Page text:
477 The Role of Soil Moisture over Irrigated Land on Precipitation in the Northern Great Plains at Convective Scales

Tuesday, 9 January 2018
Exhibit Hall 3 (ACC) (Austin, Texas)
Eric Rappin, Western Kentucky Univ., Bowling Green, KY; and R. Mahmood, U. Nair, and R. Pielke Sr.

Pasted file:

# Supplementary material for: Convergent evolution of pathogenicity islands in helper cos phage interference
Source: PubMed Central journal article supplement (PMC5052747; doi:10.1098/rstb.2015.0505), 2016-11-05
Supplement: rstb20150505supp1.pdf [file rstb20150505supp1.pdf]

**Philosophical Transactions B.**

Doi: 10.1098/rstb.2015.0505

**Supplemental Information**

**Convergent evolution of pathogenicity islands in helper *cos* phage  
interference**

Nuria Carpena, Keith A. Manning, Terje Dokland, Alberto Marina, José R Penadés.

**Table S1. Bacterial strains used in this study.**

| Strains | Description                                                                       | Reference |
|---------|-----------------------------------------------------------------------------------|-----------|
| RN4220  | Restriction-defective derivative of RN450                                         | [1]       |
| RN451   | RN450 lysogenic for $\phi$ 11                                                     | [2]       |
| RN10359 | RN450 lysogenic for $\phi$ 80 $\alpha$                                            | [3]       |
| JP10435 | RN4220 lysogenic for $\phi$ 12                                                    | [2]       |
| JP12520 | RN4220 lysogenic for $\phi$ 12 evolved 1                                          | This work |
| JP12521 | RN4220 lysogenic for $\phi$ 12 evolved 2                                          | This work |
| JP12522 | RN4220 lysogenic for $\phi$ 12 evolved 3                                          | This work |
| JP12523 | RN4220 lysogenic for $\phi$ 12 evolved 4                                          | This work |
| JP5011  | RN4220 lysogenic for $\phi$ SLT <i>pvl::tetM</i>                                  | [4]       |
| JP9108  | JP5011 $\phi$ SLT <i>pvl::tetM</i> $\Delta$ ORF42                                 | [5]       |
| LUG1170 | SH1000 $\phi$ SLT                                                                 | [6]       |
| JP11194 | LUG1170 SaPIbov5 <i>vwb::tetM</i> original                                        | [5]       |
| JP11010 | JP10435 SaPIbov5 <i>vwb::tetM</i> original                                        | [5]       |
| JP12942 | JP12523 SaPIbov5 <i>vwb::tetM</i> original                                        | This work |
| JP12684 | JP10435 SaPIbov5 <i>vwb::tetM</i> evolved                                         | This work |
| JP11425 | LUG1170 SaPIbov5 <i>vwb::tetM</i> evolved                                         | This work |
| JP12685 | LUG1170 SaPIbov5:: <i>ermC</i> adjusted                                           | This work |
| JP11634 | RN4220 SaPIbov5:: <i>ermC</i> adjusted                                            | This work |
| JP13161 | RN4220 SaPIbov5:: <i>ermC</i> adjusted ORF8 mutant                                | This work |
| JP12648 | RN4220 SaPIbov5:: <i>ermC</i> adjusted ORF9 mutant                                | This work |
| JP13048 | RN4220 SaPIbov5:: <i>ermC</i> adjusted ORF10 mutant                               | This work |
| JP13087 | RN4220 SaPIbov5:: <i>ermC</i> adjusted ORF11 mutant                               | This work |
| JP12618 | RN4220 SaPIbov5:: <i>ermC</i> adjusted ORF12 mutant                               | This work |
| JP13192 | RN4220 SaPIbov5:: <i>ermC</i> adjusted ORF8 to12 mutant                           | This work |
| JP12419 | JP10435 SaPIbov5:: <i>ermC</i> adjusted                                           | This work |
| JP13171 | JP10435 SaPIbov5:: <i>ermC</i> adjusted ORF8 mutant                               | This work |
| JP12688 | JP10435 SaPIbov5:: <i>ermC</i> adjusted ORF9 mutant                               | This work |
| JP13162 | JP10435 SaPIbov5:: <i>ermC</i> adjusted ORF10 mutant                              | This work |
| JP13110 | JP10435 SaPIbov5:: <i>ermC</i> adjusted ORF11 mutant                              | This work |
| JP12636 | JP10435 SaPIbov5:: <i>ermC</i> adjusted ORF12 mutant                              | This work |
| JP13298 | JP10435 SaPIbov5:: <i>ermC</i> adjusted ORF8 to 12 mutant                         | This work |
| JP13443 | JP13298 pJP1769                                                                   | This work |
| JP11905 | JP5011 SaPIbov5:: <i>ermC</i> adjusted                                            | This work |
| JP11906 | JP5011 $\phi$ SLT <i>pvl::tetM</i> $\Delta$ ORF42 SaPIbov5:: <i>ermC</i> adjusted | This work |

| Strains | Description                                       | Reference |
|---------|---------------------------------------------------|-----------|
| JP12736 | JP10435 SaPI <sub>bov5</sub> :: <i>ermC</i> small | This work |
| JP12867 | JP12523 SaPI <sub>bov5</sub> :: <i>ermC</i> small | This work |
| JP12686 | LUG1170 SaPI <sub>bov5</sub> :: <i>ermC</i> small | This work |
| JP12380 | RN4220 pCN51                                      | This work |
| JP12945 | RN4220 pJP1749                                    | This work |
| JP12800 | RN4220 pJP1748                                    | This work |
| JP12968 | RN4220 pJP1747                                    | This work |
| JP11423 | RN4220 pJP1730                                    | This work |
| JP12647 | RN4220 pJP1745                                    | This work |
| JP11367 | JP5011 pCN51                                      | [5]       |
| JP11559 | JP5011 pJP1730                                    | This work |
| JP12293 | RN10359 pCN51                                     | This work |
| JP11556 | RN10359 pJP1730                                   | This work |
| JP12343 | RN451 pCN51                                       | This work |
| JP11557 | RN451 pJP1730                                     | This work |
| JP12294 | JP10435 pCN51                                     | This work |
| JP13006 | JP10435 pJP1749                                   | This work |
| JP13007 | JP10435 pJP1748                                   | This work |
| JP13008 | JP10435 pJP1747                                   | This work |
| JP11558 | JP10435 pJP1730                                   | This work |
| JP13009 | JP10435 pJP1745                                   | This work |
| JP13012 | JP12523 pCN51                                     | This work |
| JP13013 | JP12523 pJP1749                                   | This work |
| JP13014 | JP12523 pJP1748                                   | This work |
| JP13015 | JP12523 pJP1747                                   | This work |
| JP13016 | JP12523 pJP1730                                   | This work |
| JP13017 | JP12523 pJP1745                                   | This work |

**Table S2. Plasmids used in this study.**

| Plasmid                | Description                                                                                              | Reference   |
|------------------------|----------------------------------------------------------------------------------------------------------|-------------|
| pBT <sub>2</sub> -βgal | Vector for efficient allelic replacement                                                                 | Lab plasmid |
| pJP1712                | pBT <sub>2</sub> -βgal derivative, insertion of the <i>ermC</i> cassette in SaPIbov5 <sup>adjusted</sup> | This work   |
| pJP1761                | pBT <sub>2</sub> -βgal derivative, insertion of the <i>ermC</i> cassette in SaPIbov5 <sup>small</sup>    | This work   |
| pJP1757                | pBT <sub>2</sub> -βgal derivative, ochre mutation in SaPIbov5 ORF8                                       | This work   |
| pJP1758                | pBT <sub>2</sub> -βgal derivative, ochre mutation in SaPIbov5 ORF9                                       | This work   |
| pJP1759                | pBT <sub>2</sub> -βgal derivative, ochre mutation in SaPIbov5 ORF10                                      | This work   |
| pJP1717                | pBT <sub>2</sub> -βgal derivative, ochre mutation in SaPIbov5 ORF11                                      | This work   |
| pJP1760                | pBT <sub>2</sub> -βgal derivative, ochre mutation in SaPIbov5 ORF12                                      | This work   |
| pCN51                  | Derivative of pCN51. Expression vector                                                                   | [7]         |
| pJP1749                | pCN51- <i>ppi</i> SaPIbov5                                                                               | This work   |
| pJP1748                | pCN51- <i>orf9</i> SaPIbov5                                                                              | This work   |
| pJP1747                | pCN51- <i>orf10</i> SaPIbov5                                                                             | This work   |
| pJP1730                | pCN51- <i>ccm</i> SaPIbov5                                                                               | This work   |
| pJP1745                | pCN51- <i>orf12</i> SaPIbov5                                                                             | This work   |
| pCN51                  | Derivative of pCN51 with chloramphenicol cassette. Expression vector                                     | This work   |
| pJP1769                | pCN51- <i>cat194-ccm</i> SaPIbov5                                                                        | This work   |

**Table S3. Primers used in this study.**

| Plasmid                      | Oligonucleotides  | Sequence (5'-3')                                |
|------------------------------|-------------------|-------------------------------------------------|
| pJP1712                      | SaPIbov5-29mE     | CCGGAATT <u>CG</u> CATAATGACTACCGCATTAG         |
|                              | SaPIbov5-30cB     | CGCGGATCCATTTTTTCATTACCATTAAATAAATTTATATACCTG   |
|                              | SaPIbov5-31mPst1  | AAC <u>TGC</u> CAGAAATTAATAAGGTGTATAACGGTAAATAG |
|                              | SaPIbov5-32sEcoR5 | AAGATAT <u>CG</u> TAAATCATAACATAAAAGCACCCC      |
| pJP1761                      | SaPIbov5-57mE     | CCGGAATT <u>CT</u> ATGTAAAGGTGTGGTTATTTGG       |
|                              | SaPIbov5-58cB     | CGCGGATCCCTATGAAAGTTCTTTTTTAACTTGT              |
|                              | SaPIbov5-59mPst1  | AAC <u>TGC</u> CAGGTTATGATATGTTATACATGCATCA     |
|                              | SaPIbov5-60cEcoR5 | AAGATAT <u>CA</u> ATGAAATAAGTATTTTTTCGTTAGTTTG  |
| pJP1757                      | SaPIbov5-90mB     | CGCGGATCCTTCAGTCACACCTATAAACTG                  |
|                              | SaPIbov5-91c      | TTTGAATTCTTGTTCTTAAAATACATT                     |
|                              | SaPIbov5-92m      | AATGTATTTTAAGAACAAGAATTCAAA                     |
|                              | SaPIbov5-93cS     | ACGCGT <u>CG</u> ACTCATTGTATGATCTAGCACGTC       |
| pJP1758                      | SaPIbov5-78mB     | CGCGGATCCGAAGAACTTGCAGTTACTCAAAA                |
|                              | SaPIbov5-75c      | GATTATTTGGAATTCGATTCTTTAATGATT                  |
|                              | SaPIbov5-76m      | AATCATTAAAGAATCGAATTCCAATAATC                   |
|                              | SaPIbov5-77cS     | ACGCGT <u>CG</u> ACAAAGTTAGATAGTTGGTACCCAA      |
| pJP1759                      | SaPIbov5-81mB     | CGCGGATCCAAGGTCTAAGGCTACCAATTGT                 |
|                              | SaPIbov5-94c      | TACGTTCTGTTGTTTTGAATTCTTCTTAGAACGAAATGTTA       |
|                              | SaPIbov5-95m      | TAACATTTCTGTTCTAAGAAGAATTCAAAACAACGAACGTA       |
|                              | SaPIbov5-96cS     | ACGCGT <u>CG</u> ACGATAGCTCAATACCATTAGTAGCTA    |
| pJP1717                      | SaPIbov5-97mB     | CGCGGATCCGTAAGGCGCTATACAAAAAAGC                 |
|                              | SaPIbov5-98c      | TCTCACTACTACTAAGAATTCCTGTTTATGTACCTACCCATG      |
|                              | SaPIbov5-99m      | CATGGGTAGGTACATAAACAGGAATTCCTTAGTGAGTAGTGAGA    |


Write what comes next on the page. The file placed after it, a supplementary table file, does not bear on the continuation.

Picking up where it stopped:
The sudden onset of irrigation in the spring and crop maintenance through the summer in the US Northern Great Plains produces changes to the water and energy budgets on both the local and regional spatial scales. For example, irrigation wets the surface leading to a decrease in albedo and a subsequent increase in net solar radiation at the surface. Subsequent evapotranspiration moistens and cools the boundary layer leading to soil moisture-precipitation feedbacks both over and downwind of irrigated lands. During irrigation onset, synoptic scale forcing is still prevalent while during the summer thermal forcing becomes increasingly more common. To investigate the role of changing soil moisture over irrigated lands a series of cloud resolving numerical simulations were conducted in which the soil moisture was systematically varied, after a 5-year offline adjustment phase, by as much as ±15% in regions where irrigation was the dominant land use. One set of simulations was conducted for a 10-day period in late May when large-scale forcing was dominant and irrigation induced modifications to the precipitation distribution was reduced. A second set of simulations was conducted in mid-July when large-scale forcing was largely absent. Initial results suggest that changes to surface thermal low development and perturbations to the 850 hPa geopotential due to irrigation modify the great plains low-level jet resulting in changes to the precipitation distribution.
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